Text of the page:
Wide is Wonderful

Balanced Deltoid Development

Vince GirondaThe most overworked muscle is the Front Deltoid (presses); bringing out this aspect of the Deltoid does not add to your width, it only makes you look thicker! How do you develop the lateral head of the Deltoid? Lateral Raises. However Lateral Raises improperly performed develops Front Deltoid. the proper way to bring out the Side Strand is to start the Lateral Raise touching dumbbells in front of the thighs with all four bells touching; elbows slightly bent and raise to the side, keeping the weights in front of the body all the way up to ear level (no higher).

Now for the most important part of the movement: The Front Bell must be lower than the Rear Bell. If the Front Bell is higher you are working the overworked Front Deltoid again. Remember, all bench presses and dumbbells work with the dumbbells held with palms facing the lower body are 90 degree Front Deltoid.

Another aspect of Laterals is to round your shoulders forward and also use your elbows as a concentration point. In other words, lead with your elbows - and last, but not least - keep your knees slightly bent during the exercise. And always work in front of a mirror to catch any flaws in your performance.

(IronMan Magazine Jan 1977 Vol. 36 No. 2)

Seated Laterals For Side Deltoids

Vince, I can't seem to feel my side head of the delt work when I do standing lateral raises. I try turning the wrists but as the weights get heavier, I don't seem to be able to isolate the side head. Any suggestions?

I recommend you do the lateral raise seated. This is my version of one of the fastest developers of the outside head of the deltoid. This movement cups the lateral strand and brings it to prominence.

Here is how to perform this great movement.

Sit on the end of a flat workout bench with a dumbbell in each hand. Lean forward from the hips and touch both ends of the dumbbells together under the thighs; always touch all four bells under the legs and keep the upper body in the proper position to keep the stress on the lateral head.

Hold your forward position of your body as you raise the dumbbells upward to head height. When the dumbbells reach head height or the top of the movement, be sure the back of each bell is higher than the front. This insures the side or lateral strand of receiving maximum stimulation. Try four sets of 8-12 reps, with no more than 30 seconds rest between sets.

(Musclemag Magazine October 1988)

Seated Bradford Press

Vince Gironda had a different name for these...but they were named after a lifter by the name of Jim Bradford. Take weight you normally use for overhead pressing and reduce by about 10-20 percent. Wider than shoulder width grip...let comfort be your guide. Start at normal clean position at collarbones, then drop just slightly before pressing. Press weight up till you just reach the top of the head, then move the weight over your head and lower behind your head till you contact the base of the neck. Then return to the front in the same way...it is a continuous back and forth movement. You should just clear the top of the head, so your arms never really exceed a 90 degree angle. Fight the tendency to "duck" the head to one side or the other to make the movement easier. One forward/back trip equals one rep. Mostly front and side deltoid, with some rear delt stabilization.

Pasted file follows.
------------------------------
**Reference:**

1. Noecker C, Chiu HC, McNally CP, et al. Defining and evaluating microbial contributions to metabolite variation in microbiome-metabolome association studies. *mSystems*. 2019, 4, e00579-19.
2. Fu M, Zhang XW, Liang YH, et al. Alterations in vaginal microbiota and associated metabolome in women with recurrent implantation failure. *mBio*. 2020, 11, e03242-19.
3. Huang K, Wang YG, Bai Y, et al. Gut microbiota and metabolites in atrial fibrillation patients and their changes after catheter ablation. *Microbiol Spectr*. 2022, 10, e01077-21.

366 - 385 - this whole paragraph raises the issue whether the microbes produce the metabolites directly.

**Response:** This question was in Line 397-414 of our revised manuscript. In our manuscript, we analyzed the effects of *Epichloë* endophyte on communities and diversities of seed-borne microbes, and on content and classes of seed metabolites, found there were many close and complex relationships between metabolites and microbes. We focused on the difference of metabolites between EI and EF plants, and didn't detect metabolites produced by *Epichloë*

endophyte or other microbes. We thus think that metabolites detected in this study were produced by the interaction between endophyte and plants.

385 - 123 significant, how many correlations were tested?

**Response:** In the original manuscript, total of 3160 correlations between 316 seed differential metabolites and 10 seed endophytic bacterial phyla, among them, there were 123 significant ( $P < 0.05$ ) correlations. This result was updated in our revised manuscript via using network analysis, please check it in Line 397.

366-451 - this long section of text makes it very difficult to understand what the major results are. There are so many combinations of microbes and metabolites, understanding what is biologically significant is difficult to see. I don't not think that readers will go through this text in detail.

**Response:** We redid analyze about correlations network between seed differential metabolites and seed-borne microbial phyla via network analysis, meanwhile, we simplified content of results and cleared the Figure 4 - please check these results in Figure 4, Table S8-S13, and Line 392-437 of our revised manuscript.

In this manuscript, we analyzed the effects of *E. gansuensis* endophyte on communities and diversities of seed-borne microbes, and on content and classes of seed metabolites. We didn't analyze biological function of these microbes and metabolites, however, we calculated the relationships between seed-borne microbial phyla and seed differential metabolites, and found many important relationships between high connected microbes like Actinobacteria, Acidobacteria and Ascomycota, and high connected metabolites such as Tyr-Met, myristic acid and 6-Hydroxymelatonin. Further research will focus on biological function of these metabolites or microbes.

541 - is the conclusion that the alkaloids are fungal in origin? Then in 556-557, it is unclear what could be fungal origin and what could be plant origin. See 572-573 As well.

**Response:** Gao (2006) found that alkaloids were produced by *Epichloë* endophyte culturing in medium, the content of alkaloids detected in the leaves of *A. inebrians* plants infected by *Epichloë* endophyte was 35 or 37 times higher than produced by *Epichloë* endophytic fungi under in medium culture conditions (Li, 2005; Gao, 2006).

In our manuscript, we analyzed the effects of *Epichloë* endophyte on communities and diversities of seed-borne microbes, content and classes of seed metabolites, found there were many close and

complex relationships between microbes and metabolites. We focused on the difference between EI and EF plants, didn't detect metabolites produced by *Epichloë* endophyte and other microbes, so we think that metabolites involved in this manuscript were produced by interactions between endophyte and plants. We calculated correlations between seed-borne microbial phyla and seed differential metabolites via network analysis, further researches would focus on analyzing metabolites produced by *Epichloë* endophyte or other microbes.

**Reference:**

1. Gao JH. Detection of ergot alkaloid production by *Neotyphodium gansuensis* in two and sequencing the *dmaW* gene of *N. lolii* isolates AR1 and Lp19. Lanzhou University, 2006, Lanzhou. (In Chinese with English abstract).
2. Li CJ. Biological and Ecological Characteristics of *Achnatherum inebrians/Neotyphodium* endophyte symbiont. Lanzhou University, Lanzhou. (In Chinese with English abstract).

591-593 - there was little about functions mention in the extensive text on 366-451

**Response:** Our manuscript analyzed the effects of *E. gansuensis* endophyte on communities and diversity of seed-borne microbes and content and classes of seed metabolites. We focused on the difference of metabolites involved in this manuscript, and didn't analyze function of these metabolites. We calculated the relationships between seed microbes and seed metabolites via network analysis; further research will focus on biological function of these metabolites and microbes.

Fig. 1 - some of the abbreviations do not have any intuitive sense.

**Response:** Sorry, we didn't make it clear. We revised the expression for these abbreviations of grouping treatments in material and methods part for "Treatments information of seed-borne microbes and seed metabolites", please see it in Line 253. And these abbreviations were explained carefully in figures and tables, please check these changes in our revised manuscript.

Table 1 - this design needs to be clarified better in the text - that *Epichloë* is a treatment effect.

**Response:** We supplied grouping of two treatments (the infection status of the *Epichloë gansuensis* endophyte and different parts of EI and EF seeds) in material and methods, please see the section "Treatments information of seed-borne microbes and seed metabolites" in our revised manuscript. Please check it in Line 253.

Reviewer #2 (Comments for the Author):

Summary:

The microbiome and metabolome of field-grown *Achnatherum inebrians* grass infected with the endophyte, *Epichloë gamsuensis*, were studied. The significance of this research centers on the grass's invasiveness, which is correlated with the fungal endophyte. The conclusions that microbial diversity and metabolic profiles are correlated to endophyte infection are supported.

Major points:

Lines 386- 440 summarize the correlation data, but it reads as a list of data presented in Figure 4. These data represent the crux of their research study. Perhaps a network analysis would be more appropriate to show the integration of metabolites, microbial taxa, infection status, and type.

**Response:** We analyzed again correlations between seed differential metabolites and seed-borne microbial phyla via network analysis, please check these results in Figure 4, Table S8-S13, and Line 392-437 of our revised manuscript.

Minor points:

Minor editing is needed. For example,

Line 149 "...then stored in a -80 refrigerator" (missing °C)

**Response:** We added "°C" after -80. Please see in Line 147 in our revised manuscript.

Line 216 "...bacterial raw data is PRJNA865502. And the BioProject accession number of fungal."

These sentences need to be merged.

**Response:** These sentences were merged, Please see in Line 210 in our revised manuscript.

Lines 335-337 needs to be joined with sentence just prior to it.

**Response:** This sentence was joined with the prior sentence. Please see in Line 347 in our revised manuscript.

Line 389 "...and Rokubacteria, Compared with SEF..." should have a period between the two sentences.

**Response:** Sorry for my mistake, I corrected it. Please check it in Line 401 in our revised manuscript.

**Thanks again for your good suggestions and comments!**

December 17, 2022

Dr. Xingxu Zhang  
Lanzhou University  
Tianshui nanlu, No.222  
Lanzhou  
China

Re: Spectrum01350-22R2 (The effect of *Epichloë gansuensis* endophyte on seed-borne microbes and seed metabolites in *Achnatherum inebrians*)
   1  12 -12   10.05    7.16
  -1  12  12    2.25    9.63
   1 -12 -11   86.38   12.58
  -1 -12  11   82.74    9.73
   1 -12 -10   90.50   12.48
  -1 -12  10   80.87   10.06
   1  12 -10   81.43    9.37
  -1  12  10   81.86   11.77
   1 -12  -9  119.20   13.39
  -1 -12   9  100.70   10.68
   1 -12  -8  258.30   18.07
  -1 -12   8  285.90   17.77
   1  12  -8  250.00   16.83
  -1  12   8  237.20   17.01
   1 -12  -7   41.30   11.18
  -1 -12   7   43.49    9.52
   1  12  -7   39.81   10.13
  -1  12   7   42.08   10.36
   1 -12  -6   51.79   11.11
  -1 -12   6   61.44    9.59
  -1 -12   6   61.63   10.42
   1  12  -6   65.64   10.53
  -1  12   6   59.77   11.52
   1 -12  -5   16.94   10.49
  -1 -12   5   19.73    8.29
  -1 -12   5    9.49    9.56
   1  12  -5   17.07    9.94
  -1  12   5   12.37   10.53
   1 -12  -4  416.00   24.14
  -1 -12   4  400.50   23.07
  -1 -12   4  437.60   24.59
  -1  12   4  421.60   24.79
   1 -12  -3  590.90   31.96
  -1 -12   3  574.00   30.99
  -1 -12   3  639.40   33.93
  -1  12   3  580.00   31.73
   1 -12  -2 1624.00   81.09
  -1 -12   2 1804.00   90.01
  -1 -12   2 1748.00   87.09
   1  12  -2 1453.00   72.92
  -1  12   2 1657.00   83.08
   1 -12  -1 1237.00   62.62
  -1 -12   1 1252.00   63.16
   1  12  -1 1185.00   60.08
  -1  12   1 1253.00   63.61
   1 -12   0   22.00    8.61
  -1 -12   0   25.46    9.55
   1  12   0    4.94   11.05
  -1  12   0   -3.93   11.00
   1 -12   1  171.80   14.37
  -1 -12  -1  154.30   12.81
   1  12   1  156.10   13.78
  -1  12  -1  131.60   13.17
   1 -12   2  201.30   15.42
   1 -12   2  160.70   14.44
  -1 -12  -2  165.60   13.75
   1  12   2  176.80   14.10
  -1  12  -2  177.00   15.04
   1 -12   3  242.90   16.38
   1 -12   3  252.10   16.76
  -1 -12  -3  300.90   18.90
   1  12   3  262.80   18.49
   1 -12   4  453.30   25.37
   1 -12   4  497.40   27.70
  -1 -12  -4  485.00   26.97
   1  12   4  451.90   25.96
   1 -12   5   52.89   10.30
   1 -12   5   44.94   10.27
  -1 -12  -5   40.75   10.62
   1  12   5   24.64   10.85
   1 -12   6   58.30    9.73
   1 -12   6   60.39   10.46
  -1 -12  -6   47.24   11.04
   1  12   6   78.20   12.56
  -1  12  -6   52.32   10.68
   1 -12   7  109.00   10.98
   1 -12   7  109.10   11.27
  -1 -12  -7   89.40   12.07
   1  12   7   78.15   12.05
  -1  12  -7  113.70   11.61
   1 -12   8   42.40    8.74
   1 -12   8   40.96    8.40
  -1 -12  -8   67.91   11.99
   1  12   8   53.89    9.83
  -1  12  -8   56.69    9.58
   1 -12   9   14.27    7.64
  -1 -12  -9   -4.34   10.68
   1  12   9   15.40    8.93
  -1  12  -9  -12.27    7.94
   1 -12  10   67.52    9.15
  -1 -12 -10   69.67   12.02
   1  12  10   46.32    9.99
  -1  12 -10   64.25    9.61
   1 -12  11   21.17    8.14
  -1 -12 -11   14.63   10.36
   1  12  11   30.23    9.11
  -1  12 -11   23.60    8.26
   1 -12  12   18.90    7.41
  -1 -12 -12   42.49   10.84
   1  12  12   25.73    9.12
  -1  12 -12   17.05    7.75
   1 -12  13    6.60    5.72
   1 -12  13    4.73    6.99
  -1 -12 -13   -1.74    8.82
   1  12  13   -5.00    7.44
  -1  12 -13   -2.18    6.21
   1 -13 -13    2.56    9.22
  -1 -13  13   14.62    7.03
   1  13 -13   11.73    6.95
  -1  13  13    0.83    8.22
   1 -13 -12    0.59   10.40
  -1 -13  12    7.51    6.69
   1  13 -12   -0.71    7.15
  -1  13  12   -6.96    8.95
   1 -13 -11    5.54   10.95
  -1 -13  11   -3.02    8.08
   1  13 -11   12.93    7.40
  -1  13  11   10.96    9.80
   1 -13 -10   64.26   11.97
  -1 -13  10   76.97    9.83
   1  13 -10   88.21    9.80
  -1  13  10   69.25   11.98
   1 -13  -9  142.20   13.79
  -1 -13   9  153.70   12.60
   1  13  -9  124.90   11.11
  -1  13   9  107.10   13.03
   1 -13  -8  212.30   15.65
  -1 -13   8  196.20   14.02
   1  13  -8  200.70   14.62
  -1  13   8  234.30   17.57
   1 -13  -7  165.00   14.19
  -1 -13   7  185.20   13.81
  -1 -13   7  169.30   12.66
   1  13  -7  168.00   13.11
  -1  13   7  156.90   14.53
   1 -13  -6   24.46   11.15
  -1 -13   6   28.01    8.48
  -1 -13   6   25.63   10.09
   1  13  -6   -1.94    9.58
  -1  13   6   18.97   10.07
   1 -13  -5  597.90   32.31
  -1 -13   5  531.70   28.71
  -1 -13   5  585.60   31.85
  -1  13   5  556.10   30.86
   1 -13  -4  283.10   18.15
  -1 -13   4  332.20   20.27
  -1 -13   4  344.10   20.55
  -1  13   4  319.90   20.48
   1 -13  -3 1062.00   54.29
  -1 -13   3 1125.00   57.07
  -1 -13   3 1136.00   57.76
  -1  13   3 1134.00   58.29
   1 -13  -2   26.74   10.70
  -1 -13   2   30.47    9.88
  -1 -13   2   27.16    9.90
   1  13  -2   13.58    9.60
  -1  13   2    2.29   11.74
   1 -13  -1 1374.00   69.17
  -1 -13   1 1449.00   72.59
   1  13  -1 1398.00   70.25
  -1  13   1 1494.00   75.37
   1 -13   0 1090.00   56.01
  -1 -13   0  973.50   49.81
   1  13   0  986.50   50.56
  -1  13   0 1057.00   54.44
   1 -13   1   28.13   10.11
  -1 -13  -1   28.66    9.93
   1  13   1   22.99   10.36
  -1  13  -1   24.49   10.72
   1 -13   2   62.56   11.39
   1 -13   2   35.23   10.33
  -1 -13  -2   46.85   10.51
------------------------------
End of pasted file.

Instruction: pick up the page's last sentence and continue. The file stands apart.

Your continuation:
Performing Dumbell Side Laterals Correctly

Gironda Window BenchDumbbell Side Laterals require great care, for toughest interaction on the middle of the deltoid tilting forward is necessary at the waist.

Training For Narrow Shoulders

Vince GirondaI have very narrow shoulders, no lat development, and my tibialis anticus (in front of my shins) is way underdeveloped. I am really worried about this problem (my tibialis). My legs are so-so but I have huge thigh biceps. They are humongous. That's it, but my main problem is my tibialis.

Your problem is not your tibialis my friend. I strongly suspect from your letter that your problem is between the ears.

After admitting that your physique is "narrow shouldered, no lat development with humongous thigh biceps". Why would you be so concerned with a Mickey mouse muscle like the tibialis anticus?

Your physique sounds like a mess, but the tibialis is not your problem!

I suggest you embark on an all round routine of wide grip parallel bar dips, upright rows, lateral raise, wide grip chins, front squats (heels on 2" block) calf raise, crunches, incline dumbbell curls and triceps extensions. Five sets of eight. Split your routine in two and train three days on, one day off, doing only half the routine each workout... and for God's sake, forget the tibialis'.

(Musclemag Magazine March 1986 Vol. 11 No. 2)

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